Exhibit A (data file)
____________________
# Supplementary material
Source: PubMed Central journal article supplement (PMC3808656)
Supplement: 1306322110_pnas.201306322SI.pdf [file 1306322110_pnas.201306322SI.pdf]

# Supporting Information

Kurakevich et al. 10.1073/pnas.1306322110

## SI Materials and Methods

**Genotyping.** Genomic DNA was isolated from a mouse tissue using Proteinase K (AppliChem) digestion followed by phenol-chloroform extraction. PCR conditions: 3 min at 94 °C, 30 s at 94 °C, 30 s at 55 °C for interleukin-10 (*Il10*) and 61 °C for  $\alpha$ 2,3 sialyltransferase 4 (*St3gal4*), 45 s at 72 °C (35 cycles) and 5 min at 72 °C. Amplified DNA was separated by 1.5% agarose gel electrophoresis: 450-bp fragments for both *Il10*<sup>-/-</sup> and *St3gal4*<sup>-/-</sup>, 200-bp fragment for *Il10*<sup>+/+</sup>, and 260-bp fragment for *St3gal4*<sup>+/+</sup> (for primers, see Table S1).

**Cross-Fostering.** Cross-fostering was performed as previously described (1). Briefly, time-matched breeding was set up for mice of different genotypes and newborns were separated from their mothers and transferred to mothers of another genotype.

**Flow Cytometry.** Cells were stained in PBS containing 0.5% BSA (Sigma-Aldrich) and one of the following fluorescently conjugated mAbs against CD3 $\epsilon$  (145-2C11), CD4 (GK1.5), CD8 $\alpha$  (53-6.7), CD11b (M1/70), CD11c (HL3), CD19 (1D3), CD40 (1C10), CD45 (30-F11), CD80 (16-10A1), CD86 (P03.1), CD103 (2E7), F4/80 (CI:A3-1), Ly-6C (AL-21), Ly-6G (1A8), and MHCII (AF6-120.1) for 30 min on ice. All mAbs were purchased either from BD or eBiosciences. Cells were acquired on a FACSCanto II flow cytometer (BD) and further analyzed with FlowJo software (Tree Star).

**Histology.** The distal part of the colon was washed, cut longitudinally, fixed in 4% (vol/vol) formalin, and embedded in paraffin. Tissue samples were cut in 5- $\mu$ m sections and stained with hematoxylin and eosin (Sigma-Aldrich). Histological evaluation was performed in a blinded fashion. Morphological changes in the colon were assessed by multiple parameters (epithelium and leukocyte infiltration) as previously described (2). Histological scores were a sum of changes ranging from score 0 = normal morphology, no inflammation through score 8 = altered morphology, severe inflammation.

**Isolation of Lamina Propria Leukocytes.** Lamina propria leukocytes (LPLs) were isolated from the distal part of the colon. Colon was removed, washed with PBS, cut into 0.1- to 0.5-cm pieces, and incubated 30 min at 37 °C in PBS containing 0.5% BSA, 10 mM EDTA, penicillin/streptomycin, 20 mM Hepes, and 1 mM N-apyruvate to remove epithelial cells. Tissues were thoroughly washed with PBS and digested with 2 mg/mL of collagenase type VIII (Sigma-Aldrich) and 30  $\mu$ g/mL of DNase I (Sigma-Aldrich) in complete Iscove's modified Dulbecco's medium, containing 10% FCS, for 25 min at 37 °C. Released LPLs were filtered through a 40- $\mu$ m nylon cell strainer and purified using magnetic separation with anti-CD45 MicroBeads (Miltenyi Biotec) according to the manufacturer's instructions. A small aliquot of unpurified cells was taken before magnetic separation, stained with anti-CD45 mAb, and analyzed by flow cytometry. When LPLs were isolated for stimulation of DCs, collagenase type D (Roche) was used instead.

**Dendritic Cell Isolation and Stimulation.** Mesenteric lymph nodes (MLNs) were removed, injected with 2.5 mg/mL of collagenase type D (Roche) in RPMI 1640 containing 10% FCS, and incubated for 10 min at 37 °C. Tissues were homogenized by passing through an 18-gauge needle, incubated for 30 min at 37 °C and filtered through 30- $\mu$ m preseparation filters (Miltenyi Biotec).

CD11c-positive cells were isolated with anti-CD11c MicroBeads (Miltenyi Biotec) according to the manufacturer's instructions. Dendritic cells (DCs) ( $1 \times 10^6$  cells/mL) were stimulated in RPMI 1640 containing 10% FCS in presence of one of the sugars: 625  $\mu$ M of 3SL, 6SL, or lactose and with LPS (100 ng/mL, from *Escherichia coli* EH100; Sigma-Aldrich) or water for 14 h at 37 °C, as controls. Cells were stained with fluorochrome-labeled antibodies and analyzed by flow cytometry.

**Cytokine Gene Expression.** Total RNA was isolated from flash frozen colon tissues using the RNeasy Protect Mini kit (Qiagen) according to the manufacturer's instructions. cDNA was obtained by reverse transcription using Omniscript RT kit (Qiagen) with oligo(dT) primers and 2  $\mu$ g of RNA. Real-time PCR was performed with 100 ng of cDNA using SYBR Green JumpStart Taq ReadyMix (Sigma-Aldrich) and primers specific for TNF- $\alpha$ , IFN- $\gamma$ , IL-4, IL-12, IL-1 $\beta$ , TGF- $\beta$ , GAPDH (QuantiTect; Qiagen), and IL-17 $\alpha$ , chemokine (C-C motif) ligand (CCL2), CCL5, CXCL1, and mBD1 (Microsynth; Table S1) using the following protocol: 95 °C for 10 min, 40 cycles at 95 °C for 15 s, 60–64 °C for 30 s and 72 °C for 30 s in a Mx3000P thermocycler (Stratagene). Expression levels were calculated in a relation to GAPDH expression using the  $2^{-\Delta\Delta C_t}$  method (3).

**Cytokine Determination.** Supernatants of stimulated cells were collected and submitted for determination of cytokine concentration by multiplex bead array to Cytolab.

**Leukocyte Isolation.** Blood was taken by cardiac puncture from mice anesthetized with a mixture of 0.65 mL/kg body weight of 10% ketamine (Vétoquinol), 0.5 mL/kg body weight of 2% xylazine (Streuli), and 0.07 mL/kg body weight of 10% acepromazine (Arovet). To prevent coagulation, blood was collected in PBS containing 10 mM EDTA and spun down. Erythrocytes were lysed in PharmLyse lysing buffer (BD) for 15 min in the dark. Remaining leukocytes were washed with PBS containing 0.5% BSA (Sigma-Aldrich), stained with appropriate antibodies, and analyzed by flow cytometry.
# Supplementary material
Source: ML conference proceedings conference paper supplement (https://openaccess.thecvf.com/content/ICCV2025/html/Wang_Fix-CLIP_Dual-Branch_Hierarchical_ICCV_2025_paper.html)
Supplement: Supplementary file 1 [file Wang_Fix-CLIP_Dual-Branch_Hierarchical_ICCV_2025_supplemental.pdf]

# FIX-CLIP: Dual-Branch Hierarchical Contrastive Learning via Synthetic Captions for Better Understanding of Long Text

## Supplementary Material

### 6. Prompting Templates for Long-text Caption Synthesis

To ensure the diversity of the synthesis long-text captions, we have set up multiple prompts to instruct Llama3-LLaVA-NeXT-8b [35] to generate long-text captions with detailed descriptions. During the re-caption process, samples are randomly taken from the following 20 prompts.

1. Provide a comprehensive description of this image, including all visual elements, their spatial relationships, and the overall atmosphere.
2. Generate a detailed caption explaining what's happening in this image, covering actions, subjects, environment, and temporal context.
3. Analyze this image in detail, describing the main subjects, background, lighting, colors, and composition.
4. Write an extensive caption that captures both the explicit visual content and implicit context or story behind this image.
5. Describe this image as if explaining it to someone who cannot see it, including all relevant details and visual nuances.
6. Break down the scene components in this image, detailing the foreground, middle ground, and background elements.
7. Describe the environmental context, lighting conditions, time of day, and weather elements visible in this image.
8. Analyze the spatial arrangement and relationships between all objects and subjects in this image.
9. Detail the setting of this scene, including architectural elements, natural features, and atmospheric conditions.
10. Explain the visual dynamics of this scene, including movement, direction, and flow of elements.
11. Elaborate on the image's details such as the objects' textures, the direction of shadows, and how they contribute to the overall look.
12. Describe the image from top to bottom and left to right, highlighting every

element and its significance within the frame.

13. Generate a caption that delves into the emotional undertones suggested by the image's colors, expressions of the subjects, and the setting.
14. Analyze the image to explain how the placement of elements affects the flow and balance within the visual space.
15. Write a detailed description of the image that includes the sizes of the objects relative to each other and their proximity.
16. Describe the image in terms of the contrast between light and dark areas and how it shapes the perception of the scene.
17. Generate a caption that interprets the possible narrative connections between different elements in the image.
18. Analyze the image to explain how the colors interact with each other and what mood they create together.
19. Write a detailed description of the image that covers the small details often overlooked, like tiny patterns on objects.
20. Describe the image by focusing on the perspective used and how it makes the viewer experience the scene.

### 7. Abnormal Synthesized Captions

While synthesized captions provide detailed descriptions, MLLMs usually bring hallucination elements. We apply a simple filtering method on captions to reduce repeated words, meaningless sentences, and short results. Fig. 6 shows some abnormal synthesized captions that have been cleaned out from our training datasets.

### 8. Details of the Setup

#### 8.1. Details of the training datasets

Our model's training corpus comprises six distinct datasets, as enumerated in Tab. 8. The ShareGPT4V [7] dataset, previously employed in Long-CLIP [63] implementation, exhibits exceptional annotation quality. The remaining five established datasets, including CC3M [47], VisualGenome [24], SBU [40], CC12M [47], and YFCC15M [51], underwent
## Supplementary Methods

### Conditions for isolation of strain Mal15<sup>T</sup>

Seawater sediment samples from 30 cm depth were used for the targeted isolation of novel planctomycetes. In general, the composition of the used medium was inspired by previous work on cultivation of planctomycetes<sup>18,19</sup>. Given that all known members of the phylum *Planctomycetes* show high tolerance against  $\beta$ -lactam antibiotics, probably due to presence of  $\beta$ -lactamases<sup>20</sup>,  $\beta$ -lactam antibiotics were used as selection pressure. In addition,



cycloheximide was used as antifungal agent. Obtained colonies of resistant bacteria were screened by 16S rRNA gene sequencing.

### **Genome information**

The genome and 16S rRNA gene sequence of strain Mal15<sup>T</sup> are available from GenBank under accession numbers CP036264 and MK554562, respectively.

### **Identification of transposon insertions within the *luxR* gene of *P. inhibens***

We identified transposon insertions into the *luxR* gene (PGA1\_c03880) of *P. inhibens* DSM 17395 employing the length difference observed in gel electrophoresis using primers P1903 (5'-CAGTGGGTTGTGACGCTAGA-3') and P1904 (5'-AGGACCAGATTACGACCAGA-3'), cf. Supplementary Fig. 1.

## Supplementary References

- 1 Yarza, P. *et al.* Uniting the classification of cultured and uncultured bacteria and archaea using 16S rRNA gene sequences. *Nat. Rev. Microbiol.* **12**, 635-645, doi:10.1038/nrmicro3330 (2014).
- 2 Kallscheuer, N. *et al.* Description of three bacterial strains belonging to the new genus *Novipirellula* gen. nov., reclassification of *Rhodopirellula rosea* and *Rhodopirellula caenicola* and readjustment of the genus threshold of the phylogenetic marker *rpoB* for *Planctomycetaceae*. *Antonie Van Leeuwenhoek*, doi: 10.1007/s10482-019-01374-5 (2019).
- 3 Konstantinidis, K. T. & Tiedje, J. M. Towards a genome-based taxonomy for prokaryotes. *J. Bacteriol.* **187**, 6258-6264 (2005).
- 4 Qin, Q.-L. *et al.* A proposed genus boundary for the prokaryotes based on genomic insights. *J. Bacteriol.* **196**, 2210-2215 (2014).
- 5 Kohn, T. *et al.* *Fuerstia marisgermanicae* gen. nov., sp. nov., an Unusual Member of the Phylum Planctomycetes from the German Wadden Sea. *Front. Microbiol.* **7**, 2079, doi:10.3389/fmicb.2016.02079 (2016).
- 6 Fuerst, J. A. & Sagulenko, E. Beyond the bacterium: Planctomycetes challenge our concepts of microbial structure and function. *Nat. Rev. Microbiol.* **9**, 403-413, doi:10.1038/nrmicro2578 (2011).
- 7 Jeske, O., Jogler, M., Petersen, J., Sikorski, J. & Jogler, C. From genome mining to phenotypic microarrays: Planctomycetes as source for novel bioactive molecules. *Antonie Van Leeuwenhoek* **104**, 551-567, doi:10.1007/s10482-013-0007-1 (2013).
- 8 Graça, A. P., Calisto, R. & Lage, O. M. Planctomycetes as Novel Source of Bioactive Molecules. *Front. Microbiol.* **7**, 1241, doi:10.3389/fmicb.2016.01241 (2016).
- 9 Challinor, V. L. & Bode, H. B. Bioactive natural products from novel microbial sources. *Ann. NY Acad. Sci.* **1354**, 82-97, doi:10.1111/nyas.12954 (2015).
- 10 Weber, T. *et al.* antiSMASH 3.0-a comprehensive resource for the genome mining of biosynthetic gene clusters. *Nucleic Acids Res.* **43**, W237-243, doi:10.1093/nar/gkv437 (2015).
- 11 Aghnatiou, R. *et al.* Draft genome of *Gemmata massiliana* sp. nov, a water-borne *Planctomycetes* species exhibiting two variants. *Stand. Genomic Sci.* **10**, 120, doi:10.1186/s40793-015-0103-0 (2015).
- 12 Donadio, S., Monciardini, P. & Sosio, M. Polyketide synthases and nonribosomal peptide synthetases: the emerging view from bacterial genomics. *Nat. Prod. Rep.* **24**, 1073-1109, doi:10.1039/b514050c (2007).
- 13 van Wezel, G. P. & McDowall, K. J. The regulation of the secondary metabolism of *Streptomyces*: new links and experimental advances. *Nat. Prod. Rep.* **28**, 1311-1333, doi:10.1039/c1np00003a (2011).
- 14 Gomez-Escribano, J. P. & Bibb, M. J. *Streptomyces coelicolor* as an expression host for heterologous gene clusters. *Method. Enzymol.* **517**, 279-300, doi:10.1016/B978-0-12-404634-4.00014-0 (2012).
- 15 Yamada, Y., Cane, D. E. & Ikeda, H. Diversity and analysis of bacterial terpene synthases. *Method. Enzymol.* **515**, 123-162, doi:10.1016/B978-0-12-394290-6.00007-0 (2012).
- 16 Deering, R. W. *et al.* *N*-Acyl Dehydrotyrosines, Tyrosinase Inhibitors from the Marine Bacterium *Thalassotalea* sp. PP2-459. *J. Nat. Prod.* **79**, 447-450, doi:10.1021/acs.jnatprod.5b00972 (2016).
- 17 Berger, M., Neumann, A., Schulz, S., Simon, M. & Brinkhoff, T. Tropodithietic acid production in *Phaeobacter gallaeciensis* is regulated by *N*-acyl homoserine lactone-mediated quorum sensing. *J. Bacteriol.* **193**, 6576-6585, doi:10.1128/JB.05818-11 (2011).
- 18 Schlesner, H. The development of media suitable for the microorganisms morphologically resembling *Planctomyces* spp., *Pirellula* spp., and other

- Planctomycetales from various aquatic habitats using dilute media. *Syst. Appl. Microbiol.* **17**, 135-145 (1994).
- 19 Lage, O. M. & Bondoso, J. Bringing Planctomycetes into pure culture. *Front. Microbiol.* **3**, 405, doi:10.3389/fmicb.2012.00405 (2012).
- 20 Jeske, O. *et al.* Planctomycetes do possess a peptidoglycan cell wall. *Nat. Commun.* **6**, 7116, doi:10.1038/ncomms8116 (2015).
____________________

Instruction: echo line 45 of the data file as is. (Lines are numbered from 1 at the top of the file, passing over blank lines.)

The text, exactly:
### 7. Abnormal Synthesized Captions